Klamath Water Users Association 

KWUA's response to today's Seattle P-I editorial on the Blumenauer amendment.


Wednesday, July 16, 2003
Klamath crisis calls for common sense
Congressional representatives have a chance to take a small step toward water and salmon sanity in the Klamath Basin around the Oregon-California border. They should grab at a rare opportunity to impose common sense.

A bipartisan proposal would require that two basin wildlife refuges be treated like others, as places dedicated to protecting America's natural resources. The measure, which is expected to receive a House vote this week, would phase out inappropriate commercial farming on the Lower Klamath and Tule Lake refuges.

Those are the only refuges where leaseholders can grow purely commercial crops, which include onions, potatoes and horseradish. Farming on other national wildlife refuges provides food for wildlife.

There could hardly be worse places for water-intensive crops. Basin water supplies are frequently short. Two reports, by California and the Yurok Tribe biologists, concluded that low water flows contributed to last year's massive Klamath River fish kill.

The commercial crops take large amounts of water that could be used by other basin farmers. The leases add heavy pesticide applications to the refuges, which are parts of the Pacific Flyway for waterfowl.

This year, Rep. Christopher Shays, R-Conn., has joined Democratic Reps. Earl Blumenauer of Oregon and Mike Thompson of California in sponsoring the phase-out plan, which almost passed a year ago. Common sense should rule.

KWUA Response to Seattle P-I Editorial

July 16, 2003
Seattle Post-Intelligencer Letters to the Editor
Box 1909
Seattle, WA 98111-1909
Dear Editor:
Your recent editorial ("Klamath crisis calls for common sense", July 16, 2003) regarding Congressman Earl Blumenauer's proposal to eliminate certain types of crops on the lease lands of two Klamath Basin wildlife refuges makes about as much sense as an urban Portland lawmaker making rules that affect rural family farmers 300 miles away. That's likely because, in both cases, the premises behind the arguments are simply incorrect.
The P-I editorial states that “those refuges (Lower Klamath and Tule Lake) are the only refuges where leaseholders can grow purely commercial crops.” In fact, there are eleven states where commercial activities - including farming - take place on national wildlife refuges. Oranges are grown on a refuge in Florida, and corn and rice are produced from Arkansas refuges. In your state of Washington, alfalfa and corn are raised in the Mid-Columbia National Wildlife Refuge, and Hanford Reach National Wildlife Refuge is home to a nuclear waste site.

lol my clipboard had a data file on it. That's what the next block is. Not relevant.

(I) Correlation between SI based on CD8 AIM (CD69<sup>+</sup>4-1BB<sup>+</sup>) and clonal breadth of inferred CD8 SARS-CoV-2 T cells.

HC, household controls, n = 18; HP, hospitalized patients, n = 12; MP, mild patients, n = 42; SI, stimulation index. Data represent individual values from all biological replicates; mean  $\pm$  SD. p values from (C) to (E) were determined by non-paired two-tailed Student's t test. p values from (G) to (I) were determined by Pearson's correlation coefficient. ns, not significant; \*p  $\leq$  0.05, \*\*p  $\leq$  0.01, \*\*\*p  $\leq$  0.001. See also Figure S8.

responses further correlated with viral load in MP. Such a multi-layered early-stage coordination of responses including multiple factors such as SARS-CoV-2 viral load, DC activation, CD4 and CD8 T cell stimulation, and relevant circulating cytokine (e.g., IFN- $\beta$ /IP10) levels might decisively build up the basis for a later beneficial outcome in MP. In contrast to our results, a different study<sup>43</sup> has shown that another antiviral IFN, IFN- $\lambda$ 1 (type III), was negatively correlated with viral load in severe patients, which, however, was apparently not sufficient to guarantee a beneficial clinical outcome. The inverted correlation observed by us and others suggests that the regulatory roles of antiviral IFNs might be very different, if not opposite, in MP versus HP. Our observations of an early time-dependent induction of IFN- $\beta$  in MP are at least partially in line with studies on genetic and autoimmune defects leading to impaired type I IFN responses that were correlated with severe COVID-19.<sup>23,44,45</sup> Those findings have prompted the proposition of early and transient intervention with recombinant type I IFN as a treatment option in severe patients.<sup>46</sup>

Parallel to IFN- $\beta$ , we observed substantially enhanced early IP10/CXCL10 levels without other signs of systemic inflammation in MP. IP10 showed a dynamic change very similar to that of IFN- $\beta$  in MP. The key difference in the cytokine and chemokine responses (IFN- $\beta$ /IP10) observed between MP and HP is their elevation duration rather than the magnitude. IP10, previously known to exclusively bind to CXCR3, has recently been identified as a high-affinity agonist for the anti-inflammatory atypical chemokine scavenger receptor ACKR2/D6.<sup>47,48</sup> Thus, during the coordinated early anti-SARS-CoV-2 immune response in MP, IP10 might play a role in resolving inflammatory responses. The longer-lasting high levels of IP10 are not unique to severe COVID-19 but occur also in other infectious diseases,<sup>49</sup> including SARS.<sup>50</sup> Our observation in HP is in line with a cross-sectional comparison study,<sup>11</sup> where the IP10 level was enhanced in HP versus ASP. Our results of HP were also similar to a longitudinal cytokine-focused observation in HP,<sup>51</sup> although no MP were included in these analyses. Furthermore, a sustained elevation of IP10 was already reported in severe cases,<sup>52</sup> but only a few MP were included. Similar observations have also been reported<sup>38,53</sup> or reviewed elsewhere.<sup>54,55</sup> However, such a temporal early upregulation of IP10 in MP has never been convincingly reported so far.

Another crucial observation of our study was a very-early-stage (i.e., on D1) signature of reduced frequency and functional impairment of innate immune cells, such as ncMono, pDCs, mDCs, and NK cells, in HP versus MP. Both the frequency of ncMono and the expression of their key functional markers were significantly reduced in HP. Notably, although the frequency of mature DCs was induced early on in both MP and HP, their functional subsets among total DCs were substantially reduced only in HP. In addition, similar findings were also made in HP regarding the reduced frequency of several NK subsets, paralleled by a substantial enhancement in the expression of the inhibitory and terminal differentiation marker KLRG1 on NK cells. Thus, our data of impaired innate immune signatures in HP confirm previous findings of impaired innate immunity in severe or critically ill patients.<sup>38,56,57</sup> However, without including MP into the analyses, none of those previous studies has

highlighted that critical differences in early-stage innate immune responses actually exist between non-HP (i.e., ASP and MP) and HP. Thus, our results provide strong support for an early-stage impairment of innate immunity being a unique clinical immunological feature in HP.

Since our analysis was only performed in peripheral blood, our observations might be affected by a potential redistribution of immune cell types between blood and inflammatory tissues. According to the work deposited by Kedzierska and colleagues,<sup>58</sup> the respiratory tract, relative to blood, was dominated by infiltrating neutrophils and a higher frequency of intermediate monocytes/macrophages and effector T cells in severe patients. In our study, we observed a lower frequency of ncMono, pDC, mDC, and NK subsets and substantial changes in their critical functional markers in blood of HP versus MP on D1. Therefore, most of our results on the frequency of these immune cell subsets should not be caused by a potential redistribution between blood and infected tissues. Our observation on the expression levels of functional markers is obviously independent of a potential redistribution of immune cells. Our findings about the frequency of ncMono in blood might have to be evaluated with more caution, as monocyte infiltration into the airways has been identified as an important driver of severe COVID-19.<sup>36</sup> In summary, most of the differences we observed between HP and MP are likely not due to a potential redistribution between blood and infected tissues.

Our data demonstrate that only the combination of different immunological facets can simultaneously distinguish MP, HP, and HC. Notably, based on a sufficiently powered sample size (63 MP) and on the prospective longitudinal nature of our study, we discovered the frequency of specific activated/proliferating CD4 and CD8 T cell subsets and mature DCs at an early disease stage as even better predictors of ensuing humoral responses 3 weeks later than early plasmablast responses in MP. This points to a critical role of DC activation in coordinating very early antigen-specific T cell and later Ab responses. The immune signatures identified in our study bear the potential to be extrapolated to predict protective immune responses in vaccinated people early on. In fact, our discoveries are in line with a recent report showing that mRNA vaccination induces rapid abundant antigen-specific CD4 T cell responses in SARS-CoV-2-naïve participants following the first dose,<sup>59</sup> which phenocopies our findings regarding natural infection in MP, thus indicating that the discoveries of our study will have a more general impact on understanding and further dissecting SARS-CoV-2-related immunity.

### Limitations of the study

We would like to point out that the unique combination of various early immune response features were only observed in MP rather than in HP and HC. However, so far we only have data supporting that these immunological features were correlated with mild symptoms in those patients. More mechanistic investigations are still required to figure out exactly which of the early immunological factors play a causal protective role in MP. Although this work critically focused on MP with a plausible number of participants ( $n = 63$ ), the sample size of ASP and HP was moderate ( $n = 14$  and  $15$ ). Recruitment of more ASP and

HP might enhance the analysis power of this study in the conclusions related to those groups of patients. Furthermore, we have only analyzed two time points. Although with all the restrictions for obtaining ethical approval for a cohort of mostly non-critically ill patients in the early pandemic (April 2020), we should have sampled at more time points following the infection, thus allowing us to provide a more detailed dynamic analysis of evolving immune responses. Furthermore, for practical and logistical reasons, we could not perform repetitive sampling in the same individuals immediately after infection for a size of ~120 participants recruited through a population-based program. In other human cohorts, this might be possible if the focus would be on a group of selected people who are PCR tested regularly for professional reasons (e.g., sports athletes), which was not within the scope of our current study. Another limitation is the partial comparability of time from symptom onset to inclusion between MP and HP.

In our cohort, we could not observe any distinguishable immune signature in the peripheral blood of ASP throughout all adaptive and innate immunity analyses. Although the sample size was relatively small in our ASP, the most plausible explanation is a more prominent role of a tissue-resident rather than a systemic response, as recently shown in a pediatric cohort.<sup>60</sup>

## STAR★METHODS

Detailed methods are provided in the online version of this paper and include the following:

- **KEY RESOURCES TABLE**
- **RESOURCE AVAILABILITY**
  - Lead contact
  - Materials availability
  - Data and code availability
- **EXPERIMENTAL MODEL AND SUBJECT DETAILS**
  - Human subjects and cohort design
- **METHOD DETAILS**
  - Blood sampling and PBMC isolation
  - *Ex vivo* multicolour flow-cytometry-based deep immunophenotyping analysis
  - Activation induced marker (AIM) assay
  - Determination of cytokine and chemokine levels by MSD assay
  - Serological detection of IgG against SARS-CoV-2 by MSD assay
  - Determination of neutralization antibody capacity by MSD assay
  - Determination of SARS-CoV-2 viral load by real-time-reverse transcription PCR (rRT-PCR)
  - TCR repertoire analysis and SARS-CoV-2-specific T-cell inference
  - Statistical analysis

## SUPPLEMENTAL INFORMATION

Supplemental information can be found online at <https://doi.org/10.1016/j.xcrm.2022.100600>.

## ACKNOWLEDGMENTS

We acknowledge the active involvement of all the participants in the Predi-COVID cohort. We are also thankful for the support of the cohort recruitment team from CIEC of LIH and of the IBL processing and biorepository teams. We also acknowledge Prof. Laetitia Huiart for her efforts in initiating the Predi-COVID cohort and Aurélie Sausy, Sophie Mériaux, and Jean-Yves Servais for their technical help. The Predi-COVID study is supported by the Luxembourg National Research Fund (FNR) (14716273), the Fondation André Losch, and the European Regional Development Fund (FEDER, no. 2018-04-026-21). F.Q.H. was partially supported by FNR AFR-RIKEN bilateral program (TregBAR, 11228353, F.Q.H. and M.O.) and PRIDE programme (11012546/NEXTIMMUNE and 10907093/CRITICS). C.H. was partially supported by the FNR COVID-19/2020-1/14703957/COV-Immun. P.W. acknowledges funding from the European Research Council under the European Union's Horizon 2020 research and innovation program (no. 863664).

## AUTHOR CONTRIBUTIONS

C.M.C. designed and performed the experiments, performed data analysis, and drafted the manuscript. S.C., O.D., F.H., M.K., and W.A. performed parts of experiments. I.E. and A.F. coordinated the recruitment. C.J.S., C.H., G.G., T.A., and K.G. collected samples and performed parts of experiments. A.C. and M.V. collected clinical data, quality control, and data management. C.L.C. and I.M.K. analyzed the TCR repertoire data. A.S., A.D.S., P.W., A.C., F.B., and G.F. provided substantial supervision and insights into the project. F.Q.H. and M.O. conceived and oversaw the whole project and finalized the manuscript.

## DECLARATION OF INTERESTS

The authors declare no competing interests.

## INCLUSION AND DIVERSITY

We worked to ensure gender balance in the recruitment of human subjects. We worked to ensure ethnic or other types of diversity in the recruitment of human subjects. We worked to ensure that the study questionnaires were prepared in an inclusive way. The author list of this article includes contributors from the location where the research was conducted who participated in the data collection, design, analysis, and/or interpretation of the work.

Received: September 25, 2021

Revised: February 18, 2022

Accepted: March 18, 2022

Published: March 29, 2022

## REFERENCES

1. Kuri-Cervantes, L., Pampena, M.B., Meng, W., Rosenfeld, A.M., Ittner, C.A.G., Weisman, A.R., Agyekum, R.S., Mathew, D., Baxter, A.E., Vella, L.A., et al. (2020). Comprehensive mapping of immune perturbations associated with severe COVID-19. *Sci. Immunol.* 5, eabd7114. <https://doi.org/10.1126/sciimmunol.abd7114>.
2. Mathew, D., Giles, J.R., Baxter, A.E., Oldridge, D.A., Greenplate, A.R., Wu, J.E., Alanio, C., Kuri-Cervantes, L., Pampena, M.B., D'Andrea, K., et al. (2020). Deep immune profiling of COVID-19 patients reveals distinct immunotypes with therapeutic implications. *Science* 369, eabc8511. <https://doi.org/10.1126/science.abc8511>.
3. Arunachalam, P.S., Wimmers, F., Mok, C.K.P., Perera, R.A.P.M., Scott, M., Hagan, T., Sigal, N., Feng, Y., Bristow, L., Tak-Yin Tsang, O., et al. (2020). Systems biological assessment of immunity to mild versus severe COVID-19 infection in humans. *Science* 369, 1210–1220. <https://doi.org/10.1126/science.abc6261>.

Rep. Blumenauer and the P-I editorial claim that the leases add heavy pesticide applications to the refuges. Actually, the refuges and the farmers operate under an integrated pest management program to minimize to the greatest extent possible the use of pesticides.  It's also important to point out that only 2.2 percent of the 2,928 different pesticides that are legally used in California - the state with one of the nation's most restrictive pesticide use laws - are applied in the Klamath refuges.
Contrary to the P-I's opinion, restricting potatoes and onions on the lease lands will have a very minor effect on the quantity of water used on those acres. Grain consumptively uses about 1.87 acre-ft per acre (AF/ac), while onions use 1.88 AF/ac and potatoes use 1.73 AF/ac. The same amount of water - or more - is needed to grow grain, when compared to water needs of onions and potatoes. The notion that you would save water in any meaningful way for the basin's other demands is ludicrous.   
Finally, to suggest the lease lands are somehow linked with the Klamath River fish die-off in 2002 is pure myth-making. It is by no means clear that low flows killed the salmon last fall. Simply look at 1988, when identical flow conditions existed in the Lower Klamath River (2,130 cubic feet per second (cfs) in 1988; 2,129 cfs in 2002). That year, a run of 215,322 salmon occurred on the Klamath River and no fish die-off occurred. In 2002, 132,600 salmon returned, and 33,000 died on the lower river. In other words, there was a much larger salmon run in 1988 with the same lower river flow but no fish die-off. Yet the Yurok Tribes and the State of California - within days of the fish die-off - assigned the blame for this unfortunate event to the Klamath Project, located 200 miles upstream. The P-I's editorial perpetuates this questionable accusation.
There has been much more accomplished for the refuge water supplies through collaborative efforts of the growers.  Sticking them with a penalty that is harsh to the growers and local community - but otherwise, purely symbolic - makes no sense whatsoever.
Dan Keppen
Executive Director
Klamath Water Users Association
Klamath Falls, Oregon



Klamath Water Users Association
2455 Patterson Street, Suite 3
Klamath Falls, Oregon 97603
(541)-883-6100 FAX (541)-883-8893 kwua@cdsnet.net


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